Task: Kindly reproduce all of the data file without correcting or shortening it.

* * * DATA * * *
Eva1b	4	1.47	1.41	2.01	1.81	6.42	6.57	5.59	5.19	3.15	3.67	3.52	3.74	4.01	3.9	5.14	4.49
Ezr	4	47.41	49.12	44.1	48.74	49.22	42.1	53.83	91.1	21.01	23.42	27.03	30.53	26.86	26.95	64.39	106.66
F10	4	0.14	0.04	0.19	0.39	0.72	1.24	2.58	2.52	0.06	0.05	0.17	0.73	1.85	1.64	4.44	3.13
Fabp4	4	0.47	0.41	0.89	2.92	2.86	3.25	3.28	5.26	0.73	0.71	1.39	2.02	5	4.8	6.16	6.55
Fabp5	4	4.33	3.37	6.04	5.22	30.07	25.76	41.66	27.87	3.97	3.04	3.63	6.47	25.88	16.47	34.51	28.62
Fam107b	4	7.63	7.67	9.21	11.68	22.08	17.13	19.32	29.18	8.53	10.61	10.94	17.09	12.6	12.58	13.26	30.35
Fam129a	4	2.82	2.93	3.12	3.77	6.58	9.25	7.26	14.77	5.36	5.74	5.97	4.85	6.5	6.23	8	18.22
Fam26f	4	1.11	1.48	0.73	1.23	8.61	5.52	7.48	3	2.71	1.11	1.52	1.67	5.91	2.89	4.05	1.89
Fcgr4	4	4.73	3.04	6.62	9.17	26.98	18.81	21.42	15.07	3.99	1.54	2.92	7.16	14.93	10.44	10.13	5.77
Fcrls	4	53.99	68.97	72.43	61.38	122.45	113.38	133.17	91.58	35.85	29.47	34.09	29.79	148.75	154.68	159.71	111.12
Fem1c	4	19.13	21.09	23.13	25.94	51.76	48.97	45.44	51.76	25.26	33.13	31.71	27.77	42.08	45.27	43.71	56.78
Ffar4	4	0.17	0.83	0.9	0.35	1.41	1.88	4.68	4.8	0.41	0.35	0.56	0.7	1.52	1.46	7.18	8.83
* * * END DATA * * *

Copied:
Eva1b	4	1.47	1.41	2.01	1.81	6.42	6.57	5.59	5.19	3.15	3.67	3.52	3.74	4.01	3.9	5.14	4.49
Ezr	4	47.41	49.12	44.1	48.74	49.22	42.1	53.83	91.1	21.01	23.42	27.03	30.53	26.86	26.95	64.39	106.66
F10	4	0.14	0.04	0.19	0.39	0.72	1.24	2.58	2.52	0.06	0.05	0.17	0.73	1.85	1.64	4.44	3.13
Fabp4	4	0.47	0.41	0.89	2.92	2.86	3.25	3.28	5.26	0.73	0.71	1.39	2.02	5	4.8	6.16	6.55
Fabp5	4	4.33	3.37	6.04	5.22	30.07	25.76	41.66	27.87	3.97	3.04	3.63	6.47	25.88	16.47	34.51	28.62
Fam107b	4	7.63	7.67	9.21	11.68	22.08	17.13	19.32	29.18	8.53	10.61	10.94	17.09	12.6	12.58	13.26	30.35
Fam129a	4	2.82	2.93	3.12	3.77	6.58	9.25	7.26	14.77	5.36	5.74	5.97	4.85	6.5	6.23	8	18.22
Fam26f	4	1.11	1.48	0.73	1.23	8.61	5.52	7.48	3	2.71	1.11	1.52	1.67	5.91	2.89	4.05	1.89
Fcgr4	4	4.73	3.04	6.62	9.17	26.98	18.81	21.42	15.07	3.99	1.54	2.92	7.16	14.93	10.44	10.13	5.77
Fcrls	4	53.99	68.97	72.43	61.38	122.45	113.38	133.17	91.58	35.85	29.47	34.09	29.79	148.75	154.68	159.71	111.12
Fem1c	4	19.13	21.09	23.13	25.94	51.76	48.97	45.44	51.76	25.26	33.13	31.71	27.77	42.08	45.27	43.71	56.78
Ffar4	4	0.17	0.83	0.9	0.35	1.41	1.88	4.68	4.8	0.41	0.35	0.56	0.7	1.52	1.46	7.18	8.83